Archive for January, 2013
A federal district court judge January 18 sentenced a former registration clerk to 12 months and one day in federal prison for his role in stealing the information of Florida Hospital patients. As part of his sentence, Dale Munroe, II, 35, of Winter Haven, Fla., was also ordered to serve a two-year term of supervised release. Munroe pleaded guilty on October 22, 2012.
According to court documents, Munroe was hired at the Celebration, Fla., location of Florida Hospital in July 2006. During his employment, he worked as a registration representative in the Emergency Department, where he would register patients as they came in the main emergency entrance. From January 2009, until his termination in July 2011, Munroe used his position to obtain individually identifiable health information of patients of Florida Hospital who had been involved in motor vehicle accidents.
Munroe would then disclose that information to Sergei Kusyakov, who was involved in the operation of two chiropractic clinics (Metro Chiropractic and Wellness Center and City Lights Medical Center). Kuskyakov and other conspirators would then use the stolen information to solicit Florida Hospital patients for chiropractic and legal services. Kusyakov would pay Munroe for his role in providing the stolen information. On July 12, 2011, Munroe was terminated by Florida Hospital for a patient data breach that was unrelated to the conspiracy described above.
Approximately a week after his termination, Katrina Munroe, 30, of Winter Haven, Munroe’s wife and also an employee of Florida Hospital, was recruited by the conspirators to take over the role of stealing patient data and providing it to Kusyakov. In August 2012, Katrina Munroe was terminated from her position at the hospital, after becoming a suspect in a data breach incident. In December 2012, she pleaded guilty to her role in the conspiracy. She faces a maximum penalty of five years in federal prison. Her sentencing hearing has been set for March 11, 2013.
On January 7, 2013, Sergei Kusyakov (38, Davenport) pleaded guilty to one count of conspiracy and four counts of wrongful disclosure of individually identifiable health information. He faces a maximum penalty of 45 years in federal prison. His sentencing hearing has been set for March 25, 2013.
OCR has published fresh guidance on what a business associate contract should include. This is an update to old guidance issued when the HIPAA Privacy Rule first went into effect, according to HIPAA Blog.
OCR lays out in its guidance 10 things a contract between a covered entity and a business associate must do.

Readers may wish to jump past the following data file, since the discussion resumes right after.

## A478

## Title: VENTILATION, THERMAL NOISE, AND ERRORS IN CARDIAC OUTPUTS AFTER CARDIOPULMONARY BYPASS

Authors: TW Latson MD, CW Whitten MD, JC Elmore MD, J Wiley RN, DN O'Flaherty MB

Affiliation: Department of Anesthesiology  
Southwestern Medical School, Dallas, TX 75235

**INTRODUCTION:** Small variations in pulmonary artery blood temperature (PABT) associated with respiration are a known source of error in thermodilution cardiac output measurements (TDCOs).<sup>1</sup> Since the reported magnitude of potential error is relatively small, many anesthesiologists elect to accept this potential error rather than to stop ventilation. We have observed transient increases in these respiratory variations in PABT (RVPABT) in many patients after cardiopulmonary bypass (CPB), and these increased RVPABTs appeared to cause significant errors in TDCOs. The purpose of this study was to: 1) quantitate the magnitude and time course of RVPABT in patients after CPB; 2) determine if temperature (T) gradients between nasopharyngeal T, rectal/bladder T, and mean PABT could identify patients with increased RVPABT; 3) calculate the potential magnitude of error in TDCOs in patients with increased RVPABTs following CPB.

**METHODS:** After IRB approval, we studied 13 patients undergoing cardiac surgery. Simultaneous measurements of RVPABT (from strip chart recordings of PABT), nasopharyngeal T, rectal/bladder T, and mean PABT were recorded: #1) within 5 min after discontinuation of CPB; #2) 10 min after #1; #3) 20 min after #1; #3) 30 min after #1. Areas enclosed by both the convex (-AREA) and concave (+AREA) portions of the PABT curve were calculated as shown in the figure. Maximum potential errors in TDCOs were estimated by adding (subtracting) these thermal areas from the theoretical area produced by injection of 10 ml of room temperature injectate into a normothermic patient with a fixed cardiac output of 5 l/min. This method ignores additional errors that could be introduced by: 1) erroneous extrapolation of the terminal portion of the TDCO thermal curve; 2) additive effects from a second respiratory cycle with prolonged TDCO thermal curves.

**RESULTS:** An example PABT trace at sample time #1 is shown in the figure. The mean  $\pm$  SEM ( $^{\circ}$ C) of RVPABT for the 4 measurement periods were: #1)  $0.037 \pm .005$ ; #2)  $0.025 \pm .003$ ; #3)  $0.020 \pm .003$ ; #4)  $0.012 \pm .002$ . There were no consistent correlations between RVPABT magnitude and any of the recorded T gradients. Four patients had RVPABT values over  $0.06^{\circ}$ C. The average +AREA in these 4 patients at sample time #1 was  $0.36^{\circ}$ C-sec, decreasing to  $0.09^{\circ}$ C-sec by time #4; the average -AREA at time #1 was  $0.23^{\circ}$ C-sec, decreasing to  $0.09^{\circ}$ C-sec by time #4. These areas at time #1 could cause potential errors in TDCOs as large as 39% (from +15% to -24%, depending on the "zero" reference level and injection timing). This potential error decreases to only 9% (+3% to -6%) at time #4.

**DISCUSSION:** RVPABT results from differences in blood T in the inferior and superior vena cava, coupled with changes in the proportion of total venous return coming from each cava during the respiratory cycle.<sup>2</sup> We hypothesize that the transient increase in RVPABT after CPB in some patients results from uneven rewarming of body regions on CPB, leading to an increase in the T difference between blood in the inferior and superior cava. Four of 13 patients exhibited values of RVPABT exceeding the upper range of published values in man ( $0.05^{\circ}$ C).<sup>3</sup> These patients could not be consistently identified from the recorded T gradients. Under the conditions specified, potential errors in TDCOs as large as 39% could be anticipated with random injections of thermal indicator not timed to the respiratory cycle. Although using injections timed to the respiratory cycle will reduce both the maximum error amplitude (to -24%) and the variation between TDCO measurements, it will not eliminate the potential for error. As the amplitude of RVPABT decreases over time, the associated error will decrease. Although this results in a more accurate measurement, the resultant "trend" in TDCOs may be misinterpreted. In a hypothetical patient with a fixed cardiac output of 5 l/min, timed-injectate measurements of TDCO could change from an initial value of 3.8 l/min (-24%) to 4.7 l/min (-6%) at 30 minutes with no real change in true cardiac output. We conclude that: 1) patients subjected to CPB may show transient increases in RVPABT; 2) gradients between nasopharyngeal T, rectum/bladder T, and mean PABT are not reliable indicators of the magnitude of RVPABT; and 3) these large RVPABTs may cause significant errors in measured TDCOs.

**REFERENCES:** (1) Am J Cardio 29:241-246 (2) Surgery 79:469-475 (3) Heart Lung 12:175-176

The Kennedys have a way of making headlines. They owned the 20th century with a U.S. ambassador, U.S. congressmen and senators, a U.S. attorney general, war heroes, mayors, magazine publishers, and, of course, the 35th president of the United States.
And now they’re still making headlines — but for HIPAA?
Douglas Kennedy, son of the late Robert F. Kennedy, U.S. attorney general under his brother and presidential candidate until his assassination in 1968, is suing two nurses and Northern Westchester Hospital in Mount Kisco, NY, over a 2012 incident involving his newborn son. In short, Kennedy tried to take his newborn out for fresh air, the nurses tried to stop him, and the nurses allege Kennedy assaulted them. A jury last November acquitted Kennedy of endangerment of a child and two counts of physical harassment against the nurses.
So how HIPAA?
Well, Kennedy’s lawsuit against the nurses claims that there were unauthorized disclosures of Molly Kennedy’s (the baby’s mom) PHI, including her medical records, as well as her infant son’s medical records and a video surveillance tape from January 7. The lawsuit charges assault, intentional infliction of emotional distress, defamation, and malicious prosecution — and also a breach of confidentiality on the part of the hospital and the nurses.
As we all know, HIPAA allows disclosures to law enforcement, but under certain circumstances. HHS nicely lays out the privacy rule’s law over disclosures to law enforcement.
The question over this lawsuit is did the hospital act within its rights to release this information?
What do you think will happen?
Another laptop has gone stolen from a hospital employee’s car.
Lucile Packard Children’s Hospital at Stanford and the Stanford University School of Medicine notified patients by mail that a password-protected laptop computer containing limited medical information on pediatric patients was stolen from a physician’s car away from campus on the night of January 9.
This incident was reported to Packard Children’s and the School of Medicine on January 10.
The medical information on the stolen laptop was predominantly from 2009 and related to past care and research. The patient data did not include financial or credit card information, nor did it contain Social Security numbers or any other marketable information. It did include names and dates of birth, basic medical descriptors, and medical record numbers, which are used only by the hospital to identify patients. In some cases, there was limited contact information. There is no indication that any patient information has been accessed or compromised.